What independent tests
have been performed on the iEvac?
Certification to American Standard
The iEvac® is certified as an Air-Purifying Respiratory Protective Smoke Escape Device. This certification is issued by the Safety Equipment Institute (SEI) and certifies that iEvac® is in complete conformance with the American National Standard for Air-Purifying Respiratory Protective Smoke Escape Devices. This certification is earned after extensive independent testing to prove compliance with every requirement in the Standard. This testing was performed by Intertek and Assay Technology .
The iEvac® has a protection factor recorded in laboratory tests of greater than 90,000.The overall effectiveness of iEvac ® depends on the filters, the nose cup and the neck dam. Each of these three integrated elements must play a part in order for the entire hood to be protective. The overall effectiveness is determined by a Fit Test, and is measured by checking the performance while being worn by a human subject during a series of standardized exercises. The Fit Test result is expressed as the protection factor of the iEvac®. For reference, OSHA has assigned a protection factor of 10 for N95 masks and 50 for rubberized full face masks. Another benchmark is the NIOSH test requirement for CBRN APER masks (respirators for escape from toxic and dangerous atmospheres containing chemical, biological, radiological and nuclear hazards). NIOSH requires a protection factor of 2,000 for these masks. The U.S. Army Research, Development and Engineering Command – Edgewood Chemical Biological Center in Aberdeen, Maryland conducted laboratory tests of the iEvac® using the NIOSH methods and procedures. Under these rigorous protocols, they measured the fit test protection factor for the iEvac® as being greater than 90,000 .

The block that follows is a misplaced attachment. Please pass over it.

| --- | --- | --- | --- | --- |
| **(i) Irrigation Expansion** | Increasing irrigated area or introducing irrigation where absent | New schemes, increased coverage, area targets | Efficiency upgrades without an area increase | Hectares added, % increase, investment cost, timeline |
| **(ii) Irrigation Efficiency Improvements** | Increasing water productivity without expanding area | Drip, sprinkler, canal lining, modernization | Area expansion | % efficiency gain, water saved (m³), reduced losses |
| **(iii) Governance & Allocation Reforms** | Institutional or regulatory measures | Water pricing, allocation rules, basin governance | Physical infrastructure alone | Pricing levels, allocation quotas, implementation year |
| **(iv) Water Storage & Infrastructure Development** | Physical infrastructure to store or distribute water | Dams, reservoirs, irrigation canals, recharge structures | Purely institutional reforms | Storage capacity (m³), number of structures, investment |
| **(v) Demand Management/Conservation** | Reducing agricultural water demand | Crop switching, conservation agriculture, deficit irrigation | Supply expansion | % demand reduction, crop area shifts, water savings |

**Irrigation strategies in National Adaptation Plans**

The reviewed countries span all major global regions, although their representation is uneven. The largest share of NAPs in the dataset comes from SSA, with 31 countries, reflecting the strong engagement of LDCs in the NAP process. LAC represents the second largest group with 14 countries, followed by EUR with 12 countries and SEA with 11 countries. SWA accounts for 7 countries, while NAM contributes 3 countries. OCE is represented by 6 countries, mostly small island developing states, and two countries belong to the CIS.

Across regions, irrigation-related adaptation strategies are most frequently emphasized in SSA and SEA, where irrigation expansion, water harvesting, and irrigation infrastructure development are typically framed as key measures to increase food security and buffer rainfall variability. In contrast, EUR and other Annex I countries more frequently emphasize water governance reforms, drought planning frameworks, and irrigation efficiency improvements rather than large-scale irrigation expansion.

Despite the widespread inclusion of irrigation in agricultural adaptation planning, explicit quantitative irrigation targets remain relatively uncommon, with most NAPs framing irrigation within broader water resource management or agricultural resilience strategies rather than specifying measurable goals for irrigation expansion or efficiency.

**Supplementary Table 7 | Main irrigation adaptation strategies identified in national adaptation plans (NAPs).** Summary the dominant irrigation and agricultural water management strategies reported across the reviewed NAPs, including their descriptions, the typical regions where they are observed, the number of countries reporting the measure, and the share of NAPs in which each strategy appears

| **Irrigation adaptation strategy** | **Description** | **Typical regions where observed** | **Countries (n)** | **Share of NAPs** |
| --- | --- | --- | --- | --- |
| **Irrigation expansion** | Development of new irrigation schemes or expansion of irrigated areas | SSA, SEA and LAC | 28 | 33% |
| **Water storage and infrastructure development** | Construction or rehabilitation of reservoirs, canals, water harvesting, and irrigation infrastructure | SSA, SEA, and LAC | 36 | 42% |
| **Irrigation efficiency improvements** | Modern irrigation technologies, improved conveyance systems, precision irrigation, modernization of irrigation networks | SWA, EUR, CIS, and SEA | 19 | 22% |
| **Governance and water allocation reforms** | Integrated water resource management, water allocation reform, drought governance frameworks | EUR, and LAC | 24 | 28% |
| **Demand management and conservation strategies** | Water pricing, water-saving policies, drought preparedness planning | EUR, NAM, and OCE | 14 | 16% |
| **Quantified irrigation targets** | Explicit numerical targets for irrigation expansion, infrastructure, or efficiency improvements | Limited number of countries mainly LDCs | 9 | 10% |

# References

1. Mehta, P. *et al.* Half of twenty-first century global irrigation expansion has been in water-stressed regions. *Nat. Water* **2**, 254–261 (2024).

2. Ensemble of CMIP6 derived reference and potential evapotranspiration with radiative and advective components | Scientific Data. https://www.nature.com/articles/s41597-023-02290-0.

ASTM E2952-14 Total Performance Requirements
The iEvac® has a recorded Total Inward Leakage of less than 0.01%. This characteristic was measured by the U.S. Army Research, Development and Engineering Command – Edgewood Chemical Biological Center in Aberdeen, Maryland. For reference, the requirement for certification to the ASTM E2952-14 standard is that the total inward leakage shall not exceed 2%. Additionally, the U.S. Army Research, Development and Engineering Command – Edgewood Chemical Biological Center in Aberdeen, Maryland measured and recorded the ocular leakage of the iEvac® Hood as less than 0.01%. The ocular leakage is the exposure to contamination that a wearer will experience due to leakage through the neck dam to the interior of the hood, but measured outside the nose cup. For reference, the requirement for certification to the ASTM E2952-14 standard is that the ocular leakage shall not exceed 20%.